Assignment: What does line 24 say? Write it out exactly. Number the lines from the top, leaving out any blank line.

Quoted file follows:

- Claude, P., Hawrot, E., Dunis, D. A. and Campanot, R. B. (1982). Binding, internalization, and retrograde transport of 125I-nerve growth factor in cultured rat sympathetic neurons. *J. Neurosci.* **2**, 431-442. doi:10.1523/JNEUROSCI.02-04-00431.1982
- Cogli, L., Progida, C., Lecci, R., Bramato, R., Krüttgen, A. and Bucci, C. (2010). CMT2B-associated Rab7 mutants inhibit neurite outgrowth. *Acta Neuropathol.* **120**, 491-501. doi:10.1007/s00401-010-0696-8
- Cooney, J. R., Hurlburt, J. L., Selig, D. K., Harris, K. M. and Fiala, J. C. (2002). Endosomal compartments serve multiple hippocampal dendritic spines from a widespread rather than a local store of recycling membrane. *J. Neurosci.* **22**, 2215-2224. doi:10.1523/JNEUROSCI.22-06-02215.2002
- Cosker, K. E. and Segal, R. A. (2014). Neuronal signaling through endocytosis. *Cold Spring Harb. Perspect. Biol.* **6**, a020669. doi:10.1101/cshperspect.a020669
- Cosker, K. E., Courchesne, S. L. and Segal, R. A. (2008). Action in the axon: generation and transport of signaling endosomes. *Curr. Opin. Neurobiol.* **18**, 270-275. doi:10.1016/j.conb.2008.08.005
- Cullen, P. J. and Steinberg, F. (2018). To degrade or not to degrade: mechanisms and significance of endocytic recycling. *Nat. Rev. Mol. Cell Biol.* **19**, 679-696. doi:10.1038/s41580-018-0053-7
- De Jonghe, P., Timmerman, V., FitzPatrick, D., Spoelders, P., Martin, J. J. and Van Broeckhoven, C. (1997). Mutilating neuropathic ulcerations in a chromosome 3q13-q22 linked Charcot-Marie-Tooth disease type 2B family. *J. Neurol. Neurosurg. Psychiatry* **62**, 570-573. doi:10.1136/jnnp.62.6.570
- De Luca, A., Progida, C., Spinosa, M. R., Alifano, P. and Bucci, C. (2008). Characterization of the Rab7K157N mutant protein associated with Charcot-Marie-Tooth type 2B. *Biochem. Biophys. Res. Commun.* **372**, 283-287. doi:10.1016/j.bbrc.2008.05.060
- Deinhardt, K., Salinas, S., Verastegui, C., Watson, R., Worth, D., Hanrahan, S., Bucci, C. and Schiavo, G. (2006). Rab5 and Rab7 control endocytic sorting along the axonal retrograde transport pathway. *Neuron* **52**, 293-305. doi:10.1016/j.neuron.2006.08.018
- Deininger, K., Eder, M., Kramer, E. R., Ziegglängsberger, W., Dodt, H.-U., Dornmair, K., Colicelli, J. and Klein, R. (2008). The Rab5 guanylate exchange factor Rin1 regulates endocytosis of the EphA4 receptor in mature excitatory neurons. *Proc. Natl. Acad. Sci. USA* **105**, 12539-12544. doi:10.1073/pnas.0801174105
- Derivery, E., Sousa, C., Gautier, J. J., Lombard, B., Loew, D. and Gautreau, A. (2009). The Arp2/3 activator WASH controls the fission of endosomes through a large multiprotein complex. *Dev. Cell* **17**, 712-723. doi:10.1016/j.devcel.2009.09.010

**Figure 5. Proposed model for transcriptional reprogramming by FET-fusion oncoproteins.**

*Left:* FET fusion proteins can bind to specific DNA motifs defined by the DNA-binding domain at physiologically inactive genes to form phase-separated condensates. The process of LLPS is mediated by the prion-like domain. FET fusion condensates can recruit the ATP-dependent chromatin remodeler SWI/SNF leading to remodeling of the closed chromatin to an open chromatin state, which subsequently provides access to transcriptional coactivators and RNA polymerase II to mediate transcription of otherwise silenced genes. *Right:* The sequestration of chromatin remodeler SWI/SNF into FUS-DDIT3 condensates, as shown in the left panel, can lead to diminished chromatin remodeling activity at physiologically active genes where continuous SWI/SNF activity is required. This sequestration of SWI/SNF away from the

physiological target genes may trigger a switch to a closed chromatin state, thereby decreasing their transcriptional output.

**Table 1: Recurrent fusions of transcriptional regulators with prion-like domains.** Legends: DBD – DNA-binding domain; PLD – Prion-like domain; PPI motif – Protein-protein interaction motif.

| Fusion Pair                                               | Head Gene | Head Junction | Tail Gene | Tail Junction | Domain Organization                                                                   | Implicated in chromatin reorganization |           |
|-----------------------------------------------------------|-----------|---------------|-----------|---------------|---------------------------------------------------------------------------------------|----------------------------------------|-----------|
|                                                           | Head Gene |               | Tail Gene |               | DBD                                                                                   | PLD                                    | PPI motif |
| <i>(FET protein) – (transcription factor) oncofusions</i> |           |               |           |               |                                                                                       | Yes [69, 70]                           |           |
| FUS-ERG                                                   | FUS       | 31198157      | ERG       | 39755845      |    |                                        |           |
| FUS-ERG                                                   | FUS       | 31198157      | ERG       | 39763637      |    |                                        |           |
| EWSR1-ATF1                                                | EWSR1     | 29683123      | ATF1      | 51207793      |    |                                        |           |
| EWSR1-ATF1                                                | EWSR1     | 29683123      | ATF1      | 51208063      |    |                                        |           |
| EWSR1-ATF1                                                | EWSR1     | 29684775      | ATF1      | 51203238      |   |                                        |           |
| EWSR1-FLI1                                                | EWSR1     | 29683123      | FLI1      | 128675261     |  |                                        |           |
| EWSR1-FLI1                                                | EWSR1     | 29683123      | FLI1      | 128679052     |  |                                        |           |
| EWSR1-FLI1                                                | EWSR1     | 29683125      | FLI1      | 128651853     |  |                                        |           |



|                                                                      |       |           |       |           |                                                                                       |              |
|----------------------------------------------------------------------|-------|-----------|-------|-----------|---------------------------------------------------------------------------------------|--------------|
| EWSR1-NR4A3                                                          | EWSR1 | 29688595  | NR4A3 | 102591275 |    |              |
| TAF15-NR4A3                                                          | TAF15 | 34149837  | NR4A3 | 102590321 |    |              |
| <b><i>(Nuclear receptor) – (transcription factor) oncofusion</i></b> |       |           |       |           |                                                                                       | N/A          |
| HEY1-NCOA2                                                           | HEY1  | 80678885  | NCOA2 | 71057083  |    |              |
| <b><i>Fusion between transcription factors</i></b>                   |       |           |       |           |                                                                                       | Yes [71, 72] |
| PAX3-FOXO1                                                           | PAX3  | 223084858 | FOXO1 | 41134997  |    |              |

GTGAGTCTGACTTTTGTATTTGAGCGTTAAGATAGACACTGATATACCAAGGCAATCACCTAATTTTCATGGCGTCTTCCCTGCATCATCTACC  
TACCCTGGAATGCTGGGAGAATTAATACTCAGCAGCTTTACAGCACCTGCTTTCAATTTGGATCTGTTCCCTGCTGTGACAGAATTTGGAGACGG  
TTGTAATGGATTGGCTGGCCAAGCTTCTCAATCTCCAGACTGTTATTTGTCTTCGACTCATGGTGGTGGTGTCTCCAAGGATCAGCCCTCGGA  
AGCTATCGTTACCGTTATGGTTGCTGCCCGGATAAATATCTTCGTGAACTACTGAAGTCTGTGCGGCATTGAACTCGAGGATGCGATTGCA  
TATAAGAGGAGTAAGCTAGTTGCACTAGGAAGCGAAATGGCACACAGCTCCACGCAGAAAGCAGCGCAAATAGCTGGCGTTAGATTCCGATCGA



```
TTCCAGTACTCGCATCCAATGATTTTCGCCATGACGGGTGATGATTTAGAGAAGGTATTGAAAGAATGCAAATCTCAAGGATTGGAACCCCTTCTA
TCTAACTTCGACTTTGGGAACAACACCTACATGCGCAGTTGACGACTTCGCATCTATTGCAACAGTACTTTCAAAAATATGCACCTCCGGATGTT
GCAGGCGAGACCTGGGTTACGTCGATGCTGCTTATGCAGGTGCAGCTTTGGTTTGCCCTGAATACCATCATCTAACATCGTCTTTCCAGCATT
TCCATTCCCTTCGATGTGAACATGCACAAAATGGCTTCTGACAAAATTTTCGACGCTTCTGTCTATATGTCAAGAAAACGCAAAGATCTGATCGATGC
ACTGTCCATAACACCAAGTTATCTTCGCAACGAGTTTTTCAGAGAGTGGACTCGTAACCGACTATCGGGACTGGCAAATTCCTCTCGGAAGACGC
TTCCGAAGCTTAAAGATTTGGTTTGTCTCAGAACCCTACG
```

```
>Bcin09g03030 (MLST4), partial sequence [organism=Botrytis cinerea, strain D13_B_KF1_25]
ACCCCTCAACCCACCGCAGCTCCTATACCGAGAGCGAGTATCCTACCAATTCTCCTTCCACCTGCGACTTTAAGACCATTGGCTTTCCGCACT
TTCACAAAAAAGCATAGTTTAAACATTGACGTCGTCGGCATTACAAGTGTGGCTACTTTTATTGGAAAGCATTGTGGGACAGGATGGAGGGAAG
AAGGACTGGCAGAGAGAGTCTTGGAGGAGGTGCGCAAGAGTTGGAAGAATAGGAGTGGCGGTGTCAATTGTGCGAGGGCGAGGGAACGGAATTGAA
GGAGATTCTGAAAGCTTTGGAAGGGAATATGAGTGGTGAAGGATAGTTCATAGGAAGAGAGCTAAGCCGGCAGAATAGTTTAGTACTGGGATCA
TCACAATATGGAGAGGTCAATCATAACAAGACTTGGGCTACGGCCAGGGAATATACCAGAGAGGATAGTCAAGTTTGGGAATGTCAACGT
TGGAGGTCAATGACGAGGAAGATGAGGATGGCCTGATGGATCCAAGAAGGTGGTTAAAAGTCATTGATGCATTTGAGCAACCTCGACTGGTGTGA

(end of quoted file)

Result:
| EWSR1-ATF1                                                | EWSR1     | 29684775      | ATF1      | 51203238      |   |                                        |           |